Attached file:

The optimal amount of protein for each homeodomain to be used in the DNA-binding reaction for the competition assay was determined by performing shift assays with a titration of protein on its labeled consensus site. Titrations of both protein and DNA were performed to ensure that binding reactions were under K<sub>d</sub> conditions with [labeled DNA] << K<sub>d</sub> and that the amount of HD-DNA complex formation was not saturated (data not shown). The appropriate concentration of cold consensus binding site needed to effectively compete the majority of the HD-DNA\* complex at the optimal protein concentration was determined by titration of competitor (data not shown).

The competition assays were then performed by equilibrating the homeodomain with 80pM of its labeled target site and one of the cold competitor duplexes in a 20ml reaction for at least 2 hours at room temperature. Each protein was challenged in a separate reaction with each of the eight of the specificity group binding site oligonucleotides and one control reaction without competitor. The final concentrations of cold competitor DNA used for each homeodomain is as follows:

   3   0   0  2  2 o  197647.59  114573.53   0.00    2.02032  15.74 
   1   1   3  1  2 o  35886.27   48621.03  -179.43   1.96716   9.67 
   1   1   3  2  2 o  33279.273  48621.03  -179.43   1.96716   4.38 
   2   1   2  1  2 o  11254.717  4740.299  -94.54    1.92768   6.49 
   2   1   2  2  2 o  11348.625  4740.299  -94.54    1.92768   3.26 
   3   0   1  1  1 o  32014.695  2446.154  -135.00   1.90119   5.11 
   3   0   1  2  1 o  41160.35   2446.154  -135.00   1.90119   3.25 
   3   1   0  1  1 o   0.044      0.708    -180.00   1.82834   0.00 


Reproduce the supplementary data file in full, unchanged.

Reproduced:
The optimal amount of protein for each homeodomain to be used in the DNA-binding reaction for the competition assay was determined by performing shift assays with a titration of protein on its labeled consensus site. Titrations of both protein and DNA were performed to ensure that binding reactions were under K<sub>d</sub> conditions with [labeled DNA] << K<sub>d</sub> and that the amount of HD-DNA complex formation was not saturated (data not shown). The appropriate concentration of cold consensus binding site needed to effectively compete the majority of the HD-DNA\* complex at the optimal protein concentration was determined by titration of competitor (data not shown).

The competition assays were then performed by equilibrating the homeodomain with 80pM of its labeled target site and one of the cold competitor duplexes in a 20ml reaction for at least 2 hours at room temperature. Each protein was challenged in a separate reaction with each of the eight of the specificity group binding site oligonucleotides and one control reaction without competitor. The final concentrations of cold competitor DNA used for each homeodomain is as follows:

   3   0   0  2  2 o  197647.59  114573.53   0.00    2.02032  15.74 
   1   1   3  1  2 o  35886.27   48621.03  -179.43   1.96716   9.67 
   1   1   3  2  2 o  33279.273  48621.03  -179.43   1.96716   4.38 
   2   1   2  1  2 o  11254.717  4740.299  -94.54    1.92768   6.49 
   2   1   2  2  2 o  11348.625  4740.299  -94.54    1.92768   3.26 
   3   0   1  1  1 o  32014.695  2446.154  -135.00   1.90119   5.11 
   3   0   1  2  1 o  41160.35   2446.154  -135.00   1.90119   3.25 
   3   1   0  1  1 o   0.044      0.708    -180.00   1.82834   0.00 